satanshoe:


Kate Moss at Tupac’s funeral.

this a funeral pic or vogue shoot

satanshoe:

Kate Moss at Tupac’s funeral.

this a funeral pic or vogue shoot

(via fuckyeahsexanddrugs)


newsweek:

The Iraqi soldier died attempting to pull himself up over the dashboard of his truck. The flames engulfed his vehicle and incinerated his body, turning him to dusty ash and blackened bone.
In a photograph taken soon afterward, the soldier’s hand reaches out of the shattered windshield, which frames his face and chest. The colors and textures of his hand and shoulders look like those of the scorched and rusted metal around him.
Fire has destroyed most of his features, leaving behind a skeletal face, fixed in a final rictus. He stares without eyes.
On February 28, 1991, Kenneth Jarecke stood in front of the charred man, parked amid the carbonized bodies of his fellow soldiers, and photographed him. At one point, before he died this dramatic mid-retreat death, the soldier had had a name.
He’d fought in Saddam Hussein’s army and had a rank and an assignment and a unit. He might have been devoted to the dictator who sent him to occupy Kuwait and fight the Americans. Or he might have been an unlucky young man with no prospects, recruited off the streets of Baghdad. Jarecke took the picture just before a ceasefire officially ended Operation Desert Storm—the U.S.-led military action that drove Saddam Hussein and his troops out of Kuwait, which they had annexed and occupied the previous August.
The image and its anonymous subject might have come to symbolize the Gulf War. Instead, it went unpublished in the United States, not because of military obstruction but because of editorial choices.
It’s hard to calculate the consequences of a photograph’s absence. But sanitized images of warfare, The Atlantic’s Conor Friedersdorf argues, make it “easier … to accept bloodless language” such as 1991 references to “surgical strikes” or modern-day terminology like “kinetic warfare.”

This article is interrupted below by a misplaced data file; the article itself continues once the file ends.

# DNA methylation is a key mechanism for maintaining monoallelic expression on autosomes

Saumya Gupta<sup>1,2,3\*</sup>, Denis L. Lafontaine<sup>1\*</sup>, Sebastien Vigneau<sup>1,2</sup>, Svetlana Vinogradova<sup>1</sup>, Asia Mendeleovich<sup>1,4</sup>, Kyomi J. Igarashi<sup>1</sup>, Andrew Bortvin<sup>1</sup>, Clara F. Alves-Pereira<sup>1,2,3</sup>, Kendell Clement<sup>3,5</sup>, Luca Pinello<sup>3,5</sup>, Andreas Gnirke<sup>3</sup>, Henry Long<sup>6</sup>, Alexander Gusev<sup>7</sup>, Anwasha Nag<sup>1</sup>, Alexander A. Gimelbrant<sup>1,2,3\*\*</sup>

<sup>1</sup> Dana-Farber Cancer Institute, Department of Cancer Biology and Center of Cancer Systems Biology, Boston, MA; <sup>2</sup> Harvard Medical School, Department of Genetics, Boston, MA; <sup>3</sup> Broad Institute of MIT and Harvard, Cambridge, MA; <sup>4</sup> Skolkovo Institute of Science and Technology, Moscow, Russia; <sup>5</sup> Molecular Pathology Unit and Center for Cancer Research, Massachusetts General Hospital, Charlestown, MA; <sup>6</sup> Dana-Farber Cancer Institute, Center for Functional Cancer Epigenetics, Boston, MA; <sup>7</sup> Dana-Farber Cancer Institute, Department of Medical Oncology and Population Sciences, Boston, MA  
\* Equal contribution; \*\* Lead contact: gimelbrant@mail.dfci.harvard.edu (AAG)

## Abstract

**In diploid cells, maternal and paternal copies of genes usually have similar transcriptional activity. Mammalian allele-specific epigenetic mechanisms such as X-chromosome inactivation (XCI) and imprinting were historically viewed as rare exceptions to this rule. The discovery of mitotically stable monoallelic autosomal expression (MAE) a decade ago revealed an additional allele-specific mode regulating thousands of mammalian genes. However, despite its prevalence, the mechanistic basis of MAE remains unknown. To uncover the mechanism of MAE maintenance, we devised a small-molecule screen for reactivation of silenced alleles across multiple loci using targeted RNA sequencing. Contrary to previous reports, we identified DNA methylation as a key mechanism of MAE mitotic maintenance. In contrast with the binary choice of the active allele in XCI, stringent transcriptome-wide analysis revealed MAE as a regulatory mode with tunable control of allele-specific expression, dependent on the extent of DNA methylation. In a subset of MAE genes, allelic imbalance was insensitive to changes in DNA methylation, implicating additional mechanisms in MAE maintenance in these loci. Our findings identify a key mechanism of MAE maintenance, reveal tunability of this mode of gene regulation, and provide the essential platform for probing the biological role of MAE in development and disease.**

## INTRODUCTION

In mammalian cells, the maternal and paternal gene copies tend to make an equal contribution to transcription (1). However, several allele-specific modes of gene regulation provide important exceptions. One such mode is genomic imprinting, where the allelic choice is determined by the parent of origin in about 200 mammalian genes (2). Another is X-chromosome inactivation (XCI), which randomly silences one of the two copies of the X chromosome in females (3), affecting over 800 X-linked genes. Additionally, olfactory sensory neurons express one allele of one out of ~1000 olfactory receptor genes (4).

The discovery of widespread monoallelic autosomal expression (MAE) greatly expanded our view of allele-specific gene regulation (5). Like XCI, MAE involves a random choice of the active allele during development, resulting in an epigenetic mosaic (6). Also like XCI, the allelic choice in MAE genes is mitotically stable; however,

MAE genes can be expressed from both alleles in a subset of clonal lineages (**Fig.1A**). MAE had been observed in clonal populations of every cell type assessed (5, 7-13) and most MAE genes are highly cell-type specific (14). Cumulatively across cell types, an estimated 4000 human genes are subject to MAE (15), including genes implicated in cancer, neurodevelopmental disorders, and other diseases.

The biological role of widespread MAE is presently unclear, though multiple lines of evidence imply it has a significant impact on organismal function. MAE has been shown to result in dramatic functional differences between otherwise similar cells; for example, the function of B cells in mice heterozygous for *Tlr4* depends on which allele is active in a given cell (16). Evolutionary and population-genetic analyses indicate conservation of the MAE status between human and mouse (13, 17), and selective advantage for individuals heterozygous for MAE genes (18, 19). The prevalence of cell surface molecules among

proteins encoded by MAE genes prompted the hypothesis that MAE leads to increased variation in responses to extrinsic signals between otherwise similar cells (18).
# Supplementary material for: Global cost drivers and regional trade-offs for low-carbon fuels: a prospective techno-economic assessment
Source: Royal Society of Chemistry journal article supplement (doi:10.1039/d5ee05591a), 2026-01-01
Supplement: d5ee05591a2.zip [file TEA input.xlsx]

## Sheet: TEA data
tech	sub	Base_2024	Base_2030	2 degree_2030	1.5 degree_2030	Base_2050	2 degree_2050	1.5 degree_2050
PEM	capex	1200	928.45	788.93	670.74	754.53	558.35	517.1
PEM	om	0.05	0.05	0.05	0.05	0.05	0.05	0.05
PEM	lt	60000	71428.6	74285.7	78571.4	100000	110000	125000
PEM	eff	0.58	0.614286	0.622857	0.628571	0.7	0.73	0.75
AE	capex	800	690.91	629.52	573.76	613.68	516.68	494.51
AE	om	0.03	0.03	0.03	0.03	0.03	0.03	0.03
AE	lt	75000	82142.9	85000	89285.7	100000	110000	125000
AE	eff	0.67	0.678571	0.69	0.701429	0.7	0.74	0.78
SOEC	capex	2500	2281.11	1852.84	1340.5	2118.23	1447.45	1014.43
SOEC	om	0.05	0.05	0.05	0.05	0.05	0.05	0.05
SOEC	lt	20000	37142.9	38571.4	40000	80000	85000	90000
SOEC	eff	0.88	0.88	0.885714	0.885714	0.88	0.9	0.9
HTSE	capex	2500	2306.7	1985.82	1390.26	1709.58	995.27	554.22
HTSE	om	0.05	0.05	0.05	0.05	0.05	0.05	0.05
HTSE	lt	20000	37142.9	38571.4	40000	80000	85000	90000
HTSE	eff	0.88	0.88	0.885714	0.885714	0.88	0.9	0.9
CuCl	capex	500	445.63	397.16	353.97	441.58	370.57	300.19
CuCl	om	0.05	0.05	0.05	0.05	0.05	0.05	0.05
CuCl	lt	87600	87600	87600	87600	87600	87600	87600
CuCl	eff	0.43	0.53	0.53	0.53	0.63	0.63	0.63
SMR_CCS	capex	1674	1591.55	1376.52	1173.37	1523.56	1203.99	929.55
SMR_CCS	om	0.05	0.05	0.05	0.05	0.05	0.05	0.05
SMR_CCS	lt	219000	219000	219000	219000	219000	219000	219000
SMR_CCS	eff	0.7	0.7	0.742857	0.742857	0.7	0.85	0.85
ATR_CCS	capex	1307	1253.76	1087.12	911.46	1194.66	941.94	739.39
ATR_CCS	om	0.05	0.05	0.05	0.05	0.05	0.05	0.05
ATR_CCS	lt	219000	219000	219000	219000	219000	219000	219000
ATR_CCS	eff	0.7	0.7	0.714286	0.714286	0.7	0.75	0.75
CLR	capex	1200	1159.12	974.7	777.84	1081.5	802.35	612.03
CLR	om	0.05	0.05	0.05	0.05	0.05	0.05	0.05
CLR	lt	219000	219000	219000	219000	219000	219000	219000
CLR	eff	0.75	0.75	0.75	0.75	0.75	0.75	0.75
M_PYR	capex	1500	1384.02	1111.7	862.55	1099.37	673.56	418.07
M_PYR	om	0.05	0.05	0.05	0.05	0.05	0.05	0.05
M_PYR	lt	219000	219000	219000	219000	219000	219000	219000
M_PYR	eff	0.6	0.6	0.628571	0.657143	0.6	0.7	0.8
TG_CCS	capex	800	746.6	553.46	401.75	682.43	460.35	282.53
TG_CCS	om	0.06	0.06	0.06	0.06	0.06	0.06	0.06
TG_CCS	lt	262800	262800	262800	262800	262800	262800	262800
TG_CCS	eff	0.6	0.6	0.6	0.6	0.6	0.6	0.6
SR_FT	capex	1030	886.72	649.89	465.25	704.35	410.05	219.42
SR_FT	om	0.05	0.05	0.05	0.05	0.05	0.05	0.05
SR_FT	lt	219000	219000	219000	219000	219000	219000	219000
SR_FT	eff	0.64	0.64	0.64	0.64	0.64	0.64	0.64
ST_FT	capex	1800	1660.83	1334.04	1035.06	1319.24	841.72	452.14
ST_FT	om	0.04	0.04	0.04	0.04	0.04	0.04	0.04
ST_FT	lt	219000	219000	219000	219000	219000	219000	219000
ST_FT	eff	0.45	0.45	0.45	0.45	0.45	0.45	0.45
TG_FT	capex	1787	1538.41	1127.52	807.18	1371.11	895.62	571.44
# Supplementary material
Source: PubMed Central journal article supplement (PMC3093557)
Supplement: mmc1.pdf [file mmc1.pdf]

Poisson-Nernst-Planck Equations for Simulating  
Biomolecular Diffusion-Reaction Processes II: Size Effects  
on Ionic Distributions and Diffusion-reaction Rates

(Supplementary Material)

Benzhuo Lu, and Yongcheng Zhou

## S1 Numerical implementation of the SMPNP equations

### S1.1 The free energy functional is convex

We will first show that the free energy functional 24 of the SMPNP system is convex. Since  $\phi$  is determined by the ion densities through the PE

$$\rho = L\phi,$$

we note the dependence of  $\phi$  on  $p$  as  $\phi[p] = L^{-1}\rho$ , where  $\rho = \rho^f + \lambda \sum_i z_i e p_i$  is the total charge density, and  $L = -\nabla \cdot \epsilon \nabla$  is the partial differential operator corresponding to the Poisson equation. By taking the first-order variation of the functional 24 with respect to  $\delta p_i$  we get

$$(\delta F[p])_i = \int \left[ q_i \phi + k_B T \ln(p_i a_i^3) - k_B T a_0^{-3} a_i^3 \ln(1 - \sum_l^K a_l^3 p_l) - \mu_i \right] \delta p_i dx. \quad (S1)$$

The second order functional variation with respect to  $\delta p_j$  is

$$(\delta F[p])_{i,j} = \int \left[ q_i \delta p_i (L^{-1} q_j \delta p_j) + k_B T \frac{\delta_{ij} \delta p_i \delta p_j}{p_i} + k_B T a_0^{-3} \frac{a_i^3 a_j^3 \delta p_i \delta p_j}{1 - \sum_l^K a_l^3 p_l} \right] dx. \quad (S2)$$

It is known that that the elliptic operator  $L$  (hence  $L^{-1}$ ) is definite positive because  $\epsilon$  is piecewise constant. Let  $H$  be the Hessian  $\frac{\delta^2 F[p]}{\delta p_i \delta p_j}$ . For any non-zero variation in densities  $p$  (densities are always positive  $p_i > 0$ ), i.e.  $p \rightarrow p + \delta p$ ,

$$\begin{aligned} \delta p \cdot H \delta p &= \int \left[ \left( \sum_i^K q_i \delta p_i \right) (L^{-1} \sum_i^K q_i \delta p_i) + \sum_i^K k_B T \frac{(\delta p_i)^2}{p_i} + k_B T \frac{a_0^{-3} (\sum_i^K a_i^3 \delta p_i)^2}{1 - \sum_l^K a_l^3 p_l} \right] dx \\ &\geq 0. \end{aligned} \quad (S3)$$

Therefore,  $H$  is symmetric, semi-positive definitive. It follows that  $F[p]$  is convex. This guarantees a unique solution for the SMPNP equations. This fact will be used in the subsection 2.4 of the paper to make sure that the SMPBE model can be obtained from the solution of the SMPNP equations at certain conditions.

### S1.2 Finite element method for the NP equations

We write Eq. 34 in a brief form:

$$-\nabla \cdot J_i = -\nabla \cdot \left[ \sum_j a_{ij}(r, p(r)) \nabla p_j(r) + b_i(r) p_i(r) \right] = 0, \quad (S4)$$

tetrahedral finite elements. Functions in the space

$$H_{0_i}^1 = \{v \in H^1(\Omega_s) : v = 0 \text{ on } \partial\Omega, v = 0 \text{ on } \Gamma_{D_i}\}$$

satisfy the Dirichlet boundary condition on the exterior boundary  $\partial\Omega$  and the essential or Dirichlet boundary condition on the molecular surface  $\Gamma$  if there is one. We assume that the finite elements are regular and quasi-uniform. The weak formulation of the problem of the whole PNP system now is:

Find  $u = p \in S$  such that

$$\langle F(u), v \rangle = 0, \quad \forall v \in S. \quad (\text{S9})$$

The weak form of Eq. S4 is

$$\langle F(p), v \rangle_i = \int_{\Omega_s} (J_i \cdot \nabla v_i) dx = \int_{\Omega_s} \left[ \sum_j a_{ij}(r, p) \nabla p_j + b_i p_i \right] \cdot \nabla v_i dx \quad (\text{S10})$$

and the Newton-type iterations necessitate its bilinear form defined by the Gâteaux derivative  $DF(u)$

The Vietnam War was notable for its catalog of chilling and iconic war photography; Some images, like Ron Haeberle’s pictures of the My Lai massacre, were initially kept from the public. But other violent images—Nick Ut’s scene of child napalm victims and Eddie Adams’s photo of a Vietcong man’s execution—won Pulitzer Prizes and had a tremendous impact on the outcome of the war.
The War Photo No One Would Publish - The Atlantic

newsweek:

The Iraqi soldier died attempting to pull himself up over the dashboard of his truck. The flames engulfed his vehicle and incinerated his body, turning him to dusty ash and blackened bone.

In a photograph taken soon afterward, the soldier’s hand reaches out of the shattered windshield, which frames his face and chest. The colors and textures of his hand and shoulders look like those of the scorched and rusted metal around him.

Fire has destroyed most of his features, leaving behind a skeletal face, fixed in a final rictus. He stares without eyes.

On February 28, 1991, Kenneth Jarecke stood in front of the charred man, parked amid the carbonized bodies of his fellow soldiers, and photographed him. At one point, before he died this dramatic mid-retreat death, the soldier had had a name.

He’d fought in Saddam Hussein’s army and had a rank and an assignment and a unit. He might have been devoted to the dictator who sent him to occupy Kuwait and fight the Americans. Or he might have been an unlucky young man with no prospects, recruited off the streets of Baghdad. Jarecke took the picture just before a ceasefire officially ended Operation Desert Storm—the U.S.-led military action that drove Saddam Hussein and his troops out of Kuwait, which they had annexed and occupied the previous August.

The image and its anonymous subject might have come to symbolize the Gulf War. Instead, it went unpublished in the United States, not because of military obstruction but because of editorial choices.